Bellies full we changed in the van into our “night time” clothes and headed over to the show.  We parked off site and walked what appears to be some distance to the gates.  The closer we got the more vendors appeared selling everything from chicken to beer – both are not allowed inside the gates – to fresh fruit and ganga and tobacco.  Ron was playing camp counselor and made sure we all got in – he held all the tickets and made sure that we all stayed together as we made our way to our “spot”.  Standing at the gate as we walked was our  friend Ricky – he’d been waiting for us.  As we are walking in the band on stage is playing “Little Cottage in Negril” – one of my favorite songs.  It was a sweet tribute as well to the late Tyrone Taylor who had passed away less than one month before.

Our “spot” is somewhat at the bottom of a hillside out of the hustle and bustle in front of the sound board and securely behind the soundboard.  Les, Bob and Ron jumped into action erecting both tents – Peg, Lea and I spread blankets and start hoisting people’s packs into those tents.  We quickly created our “happy home” for the night and Jason just watched the procedure, wide-eyed.  “Fucking hippies”, he said with a broad smile on his face.  Well, yeah sort of.  More like fucking deadheads – we are trained professionals; do not try this at home.  Turns out we are right next to other folks from Negril – there’s Juve and David, fresh in from Vancouver and with him his son Cush.

The music from the get-go was rockin’  and  I really enjoyed the “earlier” bands this time around.  The sounds were fresh – I particularly enjoyed listening to Aaron Silk, he sounded just like his brother.  Other early acts that were just terrific included George Nooks – who plays often at Bourbon Beach in Negril and Edi Fitzroy.  It was just great danceable roots reggae music.  The line-up also included Sugar Minnot, Tony Rebel, Taurus Riley and Capleton – all performed great sets.  I wanted to see Queen Ifrika especially but the body won over…after Capelton’s set at 3:00am I lay down and my eyes just closed – Les woke me for sunrise to the sounds of Richie Spice.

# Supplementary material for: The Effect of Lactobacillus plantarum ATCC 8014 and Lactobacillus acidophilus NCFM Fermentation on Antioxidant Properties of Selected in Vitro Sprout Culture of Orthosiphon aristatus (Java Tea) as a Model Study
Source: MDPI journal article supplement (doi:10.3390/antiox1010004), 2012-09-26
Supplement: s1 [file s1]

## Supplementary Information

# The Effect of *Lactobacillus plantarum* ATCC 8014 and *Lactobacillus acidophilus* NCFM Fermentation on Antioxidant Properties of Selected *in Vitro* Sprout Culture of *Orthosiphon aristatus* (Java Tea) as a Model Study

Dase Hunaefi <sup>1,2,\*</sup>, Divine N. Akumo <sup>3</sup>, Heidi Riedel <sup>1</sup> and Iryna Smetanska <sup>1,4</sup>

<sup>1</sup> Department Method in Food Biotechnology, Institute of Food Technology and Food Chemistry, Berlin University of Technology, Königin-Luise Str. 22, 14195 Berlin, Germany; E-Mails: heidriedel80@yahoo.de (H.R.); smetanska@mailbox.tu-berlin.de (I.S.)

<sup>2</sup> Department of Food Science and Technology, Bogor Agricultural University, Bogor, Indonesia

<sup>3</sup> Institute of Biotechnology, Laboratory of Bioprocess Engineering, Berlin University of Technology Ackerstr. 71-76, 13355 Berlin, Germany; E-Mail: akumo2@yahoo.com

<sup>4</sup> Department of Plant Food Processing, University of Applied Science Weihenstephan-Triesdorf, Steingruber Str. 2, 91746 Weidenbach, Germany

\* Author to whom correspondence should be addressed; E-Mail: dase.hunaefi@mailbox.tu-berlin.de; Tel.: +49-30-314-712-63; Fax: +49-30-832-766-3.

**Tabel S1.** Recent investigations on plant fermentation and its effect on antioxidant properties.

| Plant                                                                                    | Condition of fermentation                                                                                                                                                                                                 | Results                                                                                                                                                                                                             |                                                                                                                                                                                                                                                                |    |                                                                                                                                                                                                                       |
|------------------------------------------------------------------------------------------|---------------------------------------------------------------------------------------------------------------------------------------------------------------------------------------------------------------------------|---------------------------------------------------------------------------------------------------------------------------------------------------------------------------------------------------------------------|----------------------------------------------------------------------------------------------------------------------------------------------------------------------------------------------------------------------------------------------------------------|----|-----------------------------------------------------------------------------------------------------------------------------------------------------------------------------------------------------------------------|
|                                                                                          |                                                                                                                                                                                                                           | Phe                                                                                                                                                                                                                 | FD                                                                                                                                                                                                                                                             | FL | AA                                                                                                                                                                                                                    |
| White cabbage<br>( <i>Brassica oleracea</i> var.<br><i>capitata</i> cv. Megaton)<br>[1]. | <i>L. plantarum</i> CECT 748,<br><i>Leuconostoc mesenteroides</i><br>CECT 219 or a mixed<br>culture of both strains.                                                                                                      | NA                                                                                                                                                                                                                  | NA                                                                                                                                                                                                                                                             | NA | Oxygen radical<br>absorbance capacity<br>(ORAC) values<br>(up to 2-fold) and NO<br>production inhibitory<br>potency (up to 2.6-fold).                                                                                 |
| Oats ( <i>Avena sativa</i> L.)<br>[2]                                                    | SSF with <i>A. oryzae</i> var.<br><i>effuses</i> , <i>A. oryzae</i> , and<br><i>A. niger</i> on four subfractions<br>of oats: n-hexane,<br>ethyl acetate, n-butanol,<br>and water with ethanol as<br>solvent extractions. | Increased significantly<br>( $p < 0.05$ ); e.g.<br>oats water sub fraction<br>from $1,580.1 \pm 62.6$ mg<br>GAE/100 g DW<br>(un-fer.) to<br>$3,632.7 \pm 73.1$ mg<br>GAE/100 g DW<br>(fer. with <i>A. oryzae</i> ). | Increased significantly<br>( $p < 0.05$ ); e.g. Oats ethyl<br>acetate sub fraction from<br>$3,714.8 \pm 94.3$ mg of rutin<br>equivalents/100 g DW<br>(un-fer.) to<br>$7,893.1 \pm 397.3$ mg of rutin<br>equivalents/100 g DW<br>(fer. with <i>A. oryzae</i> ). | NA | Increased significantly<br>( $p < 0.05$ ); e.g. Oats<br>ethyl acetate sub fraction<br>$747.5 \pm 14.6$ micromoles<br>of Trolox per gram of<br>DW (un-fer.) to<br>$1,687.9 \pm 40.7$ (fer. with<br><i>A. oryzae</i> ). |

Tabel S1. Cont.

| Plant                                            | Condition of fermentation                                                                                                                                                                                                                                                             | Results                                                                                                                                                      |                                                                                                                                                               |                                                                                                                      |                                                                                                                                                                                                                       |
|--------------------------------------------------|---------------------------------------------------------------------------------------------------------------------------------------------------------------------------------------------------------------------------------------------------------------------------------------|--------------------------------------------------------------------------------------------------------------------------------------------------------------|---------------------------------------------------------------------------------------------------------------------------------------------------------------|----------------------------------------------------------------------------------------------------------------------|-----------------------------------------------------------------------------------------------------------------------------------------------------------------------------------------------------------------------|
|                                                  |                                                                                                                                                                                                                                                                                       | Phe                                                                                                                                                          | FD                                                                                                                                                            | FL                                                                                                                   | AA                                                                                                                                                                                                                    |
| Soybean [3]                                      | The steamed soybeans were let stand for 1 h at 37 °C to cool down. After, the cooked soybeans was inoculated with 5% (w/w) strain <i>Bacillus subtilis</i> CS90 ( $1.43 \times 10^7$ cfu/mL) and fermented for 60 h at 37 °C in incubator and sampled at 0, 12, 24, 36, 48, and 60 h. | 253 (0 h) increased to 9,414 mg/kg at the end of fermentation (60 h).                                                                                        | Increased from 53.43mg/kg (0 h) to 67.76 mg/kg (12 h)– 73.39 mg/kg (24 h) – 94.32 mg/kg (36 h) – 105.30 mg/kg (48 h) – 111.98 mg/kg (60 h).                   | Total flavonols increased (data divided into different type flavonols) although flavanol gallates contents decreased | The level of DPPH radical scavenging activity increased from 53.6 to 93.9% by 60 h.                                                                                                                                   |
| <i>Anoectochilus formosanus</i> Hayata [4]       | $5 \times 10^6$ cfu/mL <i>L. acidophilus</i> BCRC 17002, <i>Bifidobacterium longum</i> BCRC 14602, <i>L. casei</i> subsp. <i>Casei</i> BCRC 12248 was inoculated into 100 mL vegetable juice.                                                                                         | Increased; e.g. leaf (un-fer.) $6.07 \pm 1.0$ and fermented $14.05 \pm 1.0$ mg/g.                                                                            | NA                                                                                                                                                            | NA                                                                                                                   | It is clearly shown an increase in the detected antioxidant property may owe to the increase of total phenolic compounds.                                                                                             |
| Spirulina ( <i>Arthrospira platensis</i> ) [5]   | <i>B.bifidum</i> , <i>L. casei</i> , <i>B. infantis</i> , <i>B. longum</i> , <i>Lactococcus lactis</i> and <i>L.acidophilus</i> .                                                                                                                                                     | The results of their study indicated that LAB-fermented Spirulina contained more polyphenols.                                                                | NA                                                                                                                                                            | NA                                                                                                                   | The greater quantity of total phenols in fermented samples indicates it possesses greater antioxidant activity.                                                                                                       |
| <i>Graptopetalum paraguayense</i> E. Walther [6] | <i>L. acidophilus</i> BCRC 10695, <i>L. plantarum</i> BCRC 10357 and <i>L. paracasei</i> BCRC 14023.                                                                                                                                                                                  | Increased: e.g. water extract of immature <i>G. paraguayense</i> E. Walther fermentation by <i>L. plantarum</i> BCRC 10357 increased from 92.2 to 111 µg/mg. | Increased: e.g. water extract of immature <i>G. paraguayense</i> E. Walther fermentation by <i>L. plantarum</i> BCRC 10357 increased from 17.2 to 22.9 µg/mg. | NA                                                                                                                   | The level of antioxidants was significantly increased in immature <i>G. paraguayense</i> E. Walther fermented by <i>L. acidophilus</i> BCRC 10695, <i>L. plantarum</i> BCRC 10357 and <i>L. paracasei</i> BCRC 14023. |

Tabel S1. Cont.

There is so much about this show that is so wonderful and unusual to the North American music festival attendee.  First would be the use of fireworks right there in the middle of the audience – people sling tubes on their shoulders and shoot off bottle rockets into the sky.  When Jah Cure started his set at around 9:00am those fireworks were flying.  Another favorite crowd pleaser within the crowd is the ol’ set fire to the spray can spray…this was especially popular during Capleton’s set – he is known as “Fire Man”.

The food offered by vendors at this event is starkly different from anything offered at any music event here in the states.  It is all home-made, it is all not only reasonably but CHEAPLY priced and it is all vegetarian.  Right there in the middle of everything you can buy fresh fruit, home-made Peanut Porridge, freshly roasted peanuts and cashews…tons of stuff to satisfy the munchies.  It is a no-alcohol show and the crowd reflects this – it is a gentle and mature crowd, sure there are pick-pockets, gangs of them in fact but the good people far outweigh the bad.  You just KNOW that if you are walking into the crowd or going to the restroom you carry NOTHING on you…everything you own stays securely back at the “camp” in the tents.  Vendors do walk around selling the red, green and gold flags that look so awesome being waved about at sunrise; they also are selling various juices, Red Bull and the occasional Guinness that has been “smuggled” in.  My favorite vendors are the ganga vendors – in one fist they carry stalks of bud, in the other stalks of tobacco – and in their hushed tones hawk their wares: “High Grade, High Grade.”